Posted by healthcare | Posted in Healing and Health | Posted on 20-05-2013
Many people would associate the concept of healing gardens with hospitals, palliative and aged care facilities, as well as natural environments. It would seem though that more attention is warranted to the wider application of these principles in other places, after all the health benefits of natural environments on people are well documented. Focusing on your gardening tasks is the key to relieving stress and as such is the crux of therapeutic gardening! The digging, chopping, and hitting motions in many instances can relieve stress and tension. In some scenarios, people have been known to hit dummies, slam cushions or hit into thin air but therapeutic gardening releases stress. Strenuous activities also provides a good outlet for pent up aggression. It is true to say that strenuous activities are certainly not the only ways to relieve stress, something as simple as a walk around the garden may be just what the doctor ordered. When you take your walk, be sure to take in all the colours, fragrances and designs in the garden. You can also admire your gardening skills and this is sure to reverse the stress into a state of well being. And do not forget that the garden is never finished! There will always be something that needs doing, so do not be too critical if you see a few weeds in the border.
The potential for landscapes to become an important element in health care delivery payday loans may rest on the definition of the therapeutic garden, and its distinction from other garden types—healing, meditation, contemplation, and restorative. When differences are examined, it becomes clear that the complexities of and collaboration required for the design of therapeutic gardens demands a level of professionalism that is the rightful territory of the landscape architect. It is up to the individual landscape architect to identify the therapeutic role of nature and ensure that therapeutic gardens successfully compete with other uses of institutional space and money. Surely this area of study has even more relevance as a preventative treatment in today’s stress-filled world than ever before.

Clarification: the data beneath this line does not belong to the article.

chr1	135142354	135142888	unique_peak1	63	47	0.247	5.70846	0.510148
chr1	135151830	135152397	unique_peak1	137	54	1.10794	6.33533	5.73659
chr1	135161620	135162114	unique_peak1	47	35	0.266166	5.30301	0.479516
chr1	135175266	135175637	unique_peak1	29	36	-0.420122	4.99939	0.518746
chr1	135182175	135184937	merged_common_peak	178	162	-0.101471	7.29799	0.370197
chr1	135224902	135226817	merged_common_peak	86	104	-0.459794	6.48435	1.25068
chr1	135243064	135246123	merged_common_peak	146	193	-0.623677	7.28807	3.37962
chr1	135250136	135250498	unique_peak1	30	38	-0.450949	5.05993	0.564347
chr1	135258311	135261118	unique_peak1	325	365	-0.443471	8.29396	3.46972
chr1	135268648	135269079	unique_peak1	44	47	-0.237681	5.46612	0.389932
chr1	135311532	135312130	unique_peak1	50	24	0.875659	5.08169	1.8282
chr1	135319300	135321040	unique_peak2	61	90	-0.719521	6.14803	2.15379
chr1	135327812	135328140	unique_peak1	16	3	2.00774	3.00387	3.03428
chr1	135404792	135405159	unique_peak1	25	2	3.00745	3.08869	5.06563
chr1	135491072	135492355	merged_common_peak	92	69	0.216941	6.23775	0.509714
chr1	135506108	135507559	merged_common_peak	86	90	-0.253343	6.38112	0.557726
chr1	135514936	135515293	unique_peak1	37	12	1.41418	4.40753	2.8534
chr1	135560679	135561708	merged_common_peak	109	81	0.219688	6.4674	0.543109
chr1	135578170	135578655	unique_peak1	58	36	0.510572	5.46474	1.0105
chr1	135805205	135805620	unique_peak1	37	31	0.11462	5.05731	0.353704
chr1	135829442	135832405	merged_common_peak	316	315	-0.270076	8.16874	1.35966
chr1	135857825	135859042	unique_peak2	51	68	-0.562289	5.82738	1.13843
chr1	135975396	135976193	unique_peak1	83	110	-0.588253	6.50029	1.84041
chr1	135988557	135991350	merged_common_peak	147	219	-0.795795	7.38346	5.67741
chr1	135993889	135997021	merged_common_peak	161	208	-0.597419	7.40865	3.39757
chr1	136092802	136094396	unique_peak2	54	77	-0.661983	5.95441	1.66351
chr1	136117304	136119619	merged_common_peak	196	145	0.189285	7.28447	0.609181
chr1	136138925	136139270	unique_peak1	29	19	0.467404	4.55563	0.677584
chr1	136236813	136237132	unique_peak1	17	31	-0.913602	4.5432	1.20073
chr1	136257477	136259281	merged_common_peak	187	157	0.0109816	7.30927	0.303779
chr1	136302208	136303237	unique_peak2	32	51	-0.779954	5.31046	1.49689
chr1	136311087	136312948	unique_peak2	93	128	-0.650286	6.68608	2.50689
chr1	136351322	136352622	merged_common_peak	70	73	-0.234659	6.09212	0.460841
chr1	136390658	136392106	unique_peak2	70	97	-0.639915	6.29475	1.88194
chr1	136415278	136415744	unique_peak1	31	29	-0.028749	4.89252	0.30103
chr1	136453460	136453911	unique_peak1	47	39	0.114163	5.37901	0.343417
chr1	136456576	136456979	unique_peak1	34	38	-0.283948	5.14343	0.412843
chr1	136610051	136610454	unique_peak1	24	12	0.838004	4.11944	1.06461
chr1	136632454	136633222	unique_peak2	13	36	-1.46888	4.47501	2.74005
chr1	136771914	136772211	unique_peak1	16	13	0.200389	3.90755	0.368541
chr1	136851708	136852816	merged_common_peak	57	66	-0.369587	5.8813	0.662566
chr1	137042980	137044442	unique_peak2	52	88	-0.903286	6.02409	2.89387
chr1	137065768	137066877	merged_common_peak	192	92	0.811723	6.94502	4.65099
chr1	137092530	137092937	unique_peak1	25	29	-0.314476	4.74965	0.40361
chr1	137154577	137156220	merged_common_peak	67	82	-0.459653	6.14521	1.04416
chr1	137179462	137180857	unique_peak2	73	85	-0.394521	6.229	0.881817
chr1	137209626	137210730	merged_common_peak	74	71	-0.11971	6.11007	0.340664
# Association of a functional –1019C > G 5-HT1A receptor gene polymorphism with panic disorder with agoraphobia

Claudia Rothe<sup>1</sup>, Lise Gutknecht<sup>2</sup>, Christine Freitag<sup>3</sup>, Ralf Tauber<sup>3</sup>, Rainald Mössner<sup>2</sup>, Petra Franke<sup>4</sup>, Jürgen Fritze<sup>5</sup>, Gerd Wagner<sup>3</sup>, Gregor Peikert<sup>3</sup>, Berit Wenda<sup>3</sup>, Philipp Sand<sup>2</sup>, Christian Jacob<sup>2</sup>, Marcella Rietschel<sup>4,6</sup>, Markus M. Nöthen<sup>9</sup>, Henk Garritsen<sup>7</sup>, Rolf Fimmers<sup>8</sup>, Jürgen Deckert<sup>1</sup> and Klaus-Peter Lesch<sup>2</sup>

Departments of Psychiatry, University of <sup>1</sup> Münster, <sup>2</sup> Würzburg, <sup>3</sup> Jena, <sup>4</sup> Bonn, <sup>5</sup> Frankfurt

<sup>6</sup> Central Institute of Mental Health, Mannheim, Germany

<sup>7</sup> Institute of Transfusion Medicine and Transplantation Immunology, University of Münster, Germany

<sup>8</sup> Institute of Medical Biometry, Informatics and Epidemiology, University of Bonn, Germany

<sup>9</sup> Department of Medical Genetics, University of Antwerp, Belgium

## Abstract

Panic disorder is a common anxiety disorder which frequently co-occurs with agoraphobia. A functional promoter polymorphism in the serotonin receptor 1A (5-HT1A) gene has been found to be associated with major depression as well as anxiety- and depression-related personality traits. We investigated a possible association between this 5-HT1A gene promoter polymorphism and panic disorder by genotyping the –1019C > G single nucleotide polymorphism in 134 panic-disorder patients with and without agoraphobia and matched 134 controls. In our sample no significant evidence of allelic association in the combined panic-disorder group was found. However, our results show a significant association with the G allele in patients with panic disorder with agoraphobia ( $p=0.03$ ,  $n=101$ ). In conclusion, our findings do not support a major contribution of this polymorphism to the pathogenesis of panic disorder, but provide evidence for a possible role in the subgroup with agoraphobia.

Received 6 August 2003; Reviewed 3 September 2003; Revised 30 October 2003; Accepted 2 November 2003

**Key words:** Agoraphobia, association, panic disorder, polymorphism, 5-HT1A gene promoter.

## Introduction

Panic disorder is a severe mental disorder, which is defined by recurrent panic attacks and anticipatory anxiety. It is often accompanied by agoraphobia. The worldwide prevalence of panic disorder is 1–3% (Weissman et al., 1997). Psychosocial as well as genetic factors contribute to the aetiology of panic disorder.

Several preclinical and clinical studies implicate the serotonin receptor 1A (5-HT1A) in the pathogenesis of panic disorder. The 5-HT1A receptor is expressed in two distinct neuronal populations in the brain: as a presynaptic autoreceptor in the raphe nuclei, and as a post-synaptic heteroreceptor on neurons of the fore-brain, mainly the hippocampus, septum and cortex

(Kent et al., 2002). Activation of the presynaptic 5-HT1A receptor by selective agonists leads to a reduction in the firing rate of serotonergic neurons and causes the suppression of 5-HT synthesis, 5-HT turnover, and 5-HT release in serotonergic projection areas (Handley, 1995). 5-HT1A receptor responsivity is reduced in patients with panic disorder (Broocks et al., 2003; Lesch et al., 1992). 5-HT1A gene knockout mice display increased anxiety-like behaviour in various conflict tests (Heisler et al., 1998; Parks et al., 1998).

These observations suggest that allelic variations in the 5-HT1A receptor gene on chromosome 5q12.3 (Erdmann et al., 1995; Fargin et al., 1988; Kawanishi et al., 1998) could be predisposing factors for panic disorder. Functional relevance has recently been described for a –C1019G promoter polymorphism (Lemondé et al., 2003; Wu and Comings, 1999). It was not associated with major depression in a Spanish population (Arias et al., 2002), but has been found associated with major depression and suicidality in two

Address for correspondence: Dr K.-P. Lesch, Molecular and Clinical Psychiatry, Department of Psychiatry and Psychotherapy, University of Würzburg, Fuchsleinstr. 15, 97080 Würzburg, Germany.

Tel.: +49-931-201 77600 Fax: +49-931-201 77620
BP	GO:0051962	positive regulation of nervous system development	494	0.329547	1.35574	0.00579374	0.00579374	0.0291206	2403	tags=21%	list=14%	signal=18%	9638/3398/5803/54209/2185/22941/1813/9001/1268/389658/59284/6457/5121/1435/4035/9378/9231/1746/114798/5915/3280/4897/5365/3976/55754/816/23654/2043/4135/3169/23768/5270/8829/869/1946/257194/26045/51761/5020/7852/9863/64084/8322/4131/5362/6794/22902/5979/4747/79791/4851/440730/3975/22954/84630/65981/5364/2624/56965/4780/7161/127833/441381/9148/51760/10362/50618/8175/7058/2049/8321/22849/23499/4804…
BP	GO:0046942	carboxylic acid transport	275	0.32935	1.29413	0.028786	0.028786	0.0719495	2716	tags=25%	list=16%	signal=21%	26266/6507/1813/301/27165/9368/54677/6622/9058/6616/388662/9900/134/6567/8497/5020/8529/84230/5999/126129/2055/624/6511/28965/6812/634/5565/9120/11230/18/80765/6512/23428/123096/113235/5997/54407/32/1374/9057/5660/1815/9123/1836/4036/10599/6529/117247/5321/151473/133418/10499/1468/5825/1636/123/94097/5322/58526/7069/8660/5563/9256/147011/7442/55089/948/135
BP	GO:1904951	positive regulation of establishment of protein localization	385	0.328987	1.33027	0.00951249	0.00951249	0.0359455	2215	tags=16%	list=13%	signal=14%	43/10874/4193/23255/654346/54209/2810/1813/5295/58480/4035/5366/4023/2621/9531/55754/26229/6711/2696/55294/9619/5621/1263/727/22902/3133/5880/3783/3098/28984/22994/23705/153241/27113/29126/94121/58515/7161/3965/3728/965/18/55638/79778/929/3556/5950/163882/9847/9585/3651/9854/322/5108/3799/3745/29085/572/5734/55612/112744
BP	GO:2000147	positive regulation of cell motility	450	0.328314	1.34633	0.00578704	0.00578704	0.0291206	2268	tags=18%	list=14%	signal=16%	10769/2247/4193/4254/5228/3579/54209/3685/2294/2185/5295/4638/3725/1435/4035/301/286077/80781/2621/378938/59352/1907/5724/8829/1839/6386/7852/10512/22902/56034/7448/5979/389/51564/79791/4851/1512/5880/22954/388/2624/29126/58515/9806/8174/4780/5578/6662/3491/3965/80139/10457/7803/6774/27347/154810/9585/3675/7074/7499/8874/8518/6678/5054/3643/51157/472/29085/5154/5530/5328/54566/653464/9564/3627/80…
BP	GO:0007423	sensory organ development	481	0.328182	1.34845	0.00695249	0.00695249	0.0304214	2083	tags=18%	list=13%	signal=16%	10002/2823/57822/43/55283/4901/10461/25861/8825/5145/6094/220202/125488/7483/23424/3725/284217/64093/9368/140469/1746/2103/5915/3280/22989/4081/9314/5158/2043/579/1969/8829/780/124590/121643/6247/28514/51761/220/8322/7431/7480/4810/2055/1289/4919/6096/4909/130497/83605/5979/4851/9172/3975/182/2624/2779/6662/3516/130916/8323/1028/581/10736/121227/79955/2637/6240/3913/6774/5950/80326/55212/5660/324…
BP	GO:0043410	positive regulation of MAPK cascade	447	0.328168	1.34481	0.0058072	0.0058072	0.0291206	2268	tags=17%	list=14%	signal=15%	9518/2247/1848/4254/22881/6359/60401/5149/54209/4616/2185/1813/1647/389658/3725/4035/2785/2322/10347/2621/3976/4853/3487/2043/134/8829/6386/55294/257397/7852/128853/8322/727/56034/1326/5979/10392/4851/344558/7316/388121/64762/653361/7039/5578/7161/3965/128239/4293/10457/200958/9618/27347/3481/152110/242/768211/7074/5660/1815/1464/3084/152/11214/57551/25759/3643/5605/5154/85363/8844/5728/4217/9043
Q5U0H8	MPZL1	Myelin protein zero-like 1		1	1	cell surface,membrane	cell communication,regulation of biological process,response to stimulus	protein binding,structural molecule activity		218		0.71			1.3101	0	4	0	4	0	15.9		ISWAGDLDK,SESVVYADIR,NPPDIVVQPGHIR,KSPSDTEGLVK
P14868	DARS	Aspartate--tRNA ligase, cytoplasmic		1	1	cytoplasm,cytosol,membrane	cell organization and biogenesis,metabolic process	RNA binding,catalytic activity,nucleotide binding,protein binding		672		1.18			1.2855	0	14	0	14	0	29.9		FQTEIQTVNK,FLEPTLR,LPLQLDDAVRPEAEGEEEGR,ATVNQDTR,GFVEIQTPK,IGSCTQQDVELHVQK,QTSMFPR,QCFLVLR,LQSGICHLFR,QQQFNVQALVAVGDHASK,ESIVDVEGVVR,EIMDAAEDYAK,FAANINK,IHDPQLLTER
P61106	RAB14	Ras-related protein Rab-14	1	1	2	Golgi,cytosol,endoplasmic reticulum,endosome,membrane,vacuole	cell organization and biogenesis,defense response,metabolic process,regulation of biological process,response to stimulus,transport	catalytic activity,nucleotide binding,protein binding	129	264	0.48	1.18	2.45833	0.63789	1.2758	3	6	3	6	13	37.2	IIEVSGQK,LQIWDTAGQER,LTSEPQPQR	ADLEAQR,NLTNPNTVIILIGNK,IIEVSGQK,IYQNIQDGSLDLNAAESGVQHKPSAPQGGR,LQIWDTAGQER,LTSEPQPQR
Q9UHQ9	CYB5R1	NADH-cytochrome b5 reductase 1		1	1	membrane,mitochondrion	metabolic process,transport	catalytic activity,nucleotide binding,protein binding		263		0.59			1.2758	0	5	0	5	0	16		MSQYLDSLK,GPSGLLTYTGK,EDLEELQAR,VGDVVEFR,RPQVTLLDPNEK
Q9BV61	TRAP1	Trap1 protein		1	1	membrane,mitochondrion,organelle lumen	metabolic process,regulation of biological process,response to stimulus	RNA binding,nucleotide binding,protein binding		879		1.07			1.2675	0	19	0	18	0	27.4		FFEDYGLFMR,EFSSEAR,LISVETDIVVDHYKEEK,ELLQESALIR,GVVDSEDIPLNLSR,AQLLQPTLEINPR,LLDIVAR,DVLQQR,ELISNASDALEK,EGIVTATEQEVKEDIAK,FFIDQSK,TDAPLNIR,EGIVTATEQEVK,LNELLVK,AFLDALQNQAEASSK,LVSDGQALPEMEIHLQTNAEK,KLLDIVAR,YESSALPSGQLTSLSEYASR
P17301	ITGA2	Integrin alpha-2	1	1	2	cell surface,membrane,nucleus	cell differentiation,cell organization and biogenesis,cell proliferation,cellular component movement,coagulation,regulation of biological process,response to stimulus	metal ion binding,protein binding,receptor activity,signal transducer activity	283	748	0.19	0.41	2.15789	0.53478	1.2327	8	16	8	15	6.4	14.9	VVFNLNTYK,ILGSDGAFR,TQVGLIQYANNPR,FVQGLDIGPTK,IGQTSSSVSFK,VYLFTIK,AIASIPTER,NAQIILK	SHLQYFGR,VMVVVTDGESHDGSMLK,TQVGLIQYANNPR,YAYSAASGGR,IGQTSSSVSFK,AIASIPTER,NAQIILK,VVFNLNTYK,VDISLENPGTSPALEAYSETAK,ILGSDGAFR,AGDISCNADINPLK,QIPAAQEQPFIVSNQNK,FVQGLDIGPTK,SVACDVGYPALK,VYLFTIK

A casual survey of Australian suburbia suggests that the value of vegetation in landscape is under-recognised. Pavements, feature walls in bright colours, stack stone, render, ‘architectural plants’, turf, and of course hedging (still) dominate by far. The popularity of ‘outdoor rooms’, combined with the smaller yards and larger houses, means that private outdoor environments are commonly dominated by hard elements. The field of environmental psychology provides insights regarding the experience of restoration and specifically the restorative garden. Generally speaking, restoration describes a return to an ideal or normal state from a stressed or agitated one, or from boredom and/or an inability to focus. Restoration is measured by both self-reporting and objective physical measures. Environmental psychologists have identified four components essential for restorative environments: being away (i.e., physical or psychological escape), extent (i.e., connectedness and scope, sense of a whole other world), fascination (i.e., involvement), and compatibility (i.e., environmental support of intended activities). In a designer’s vocabulary, a restorative space may best be described as a coherent design in a “place away,” with gentle, undemanding stimuli where an individual can do what he/she needs in order to recover. As is the case with meditation and contemplation, these concepts can be variously interpreted and given physical form. Landscape architects frequently and intuitively meet the environmental psychologist’s criterion for restoration when designing. A well-designed garden in a health care setting may indeed be the ideal place to restore one’s equilibrium, effectively mitigating the often almost unbearable stress of illness and institutional environments.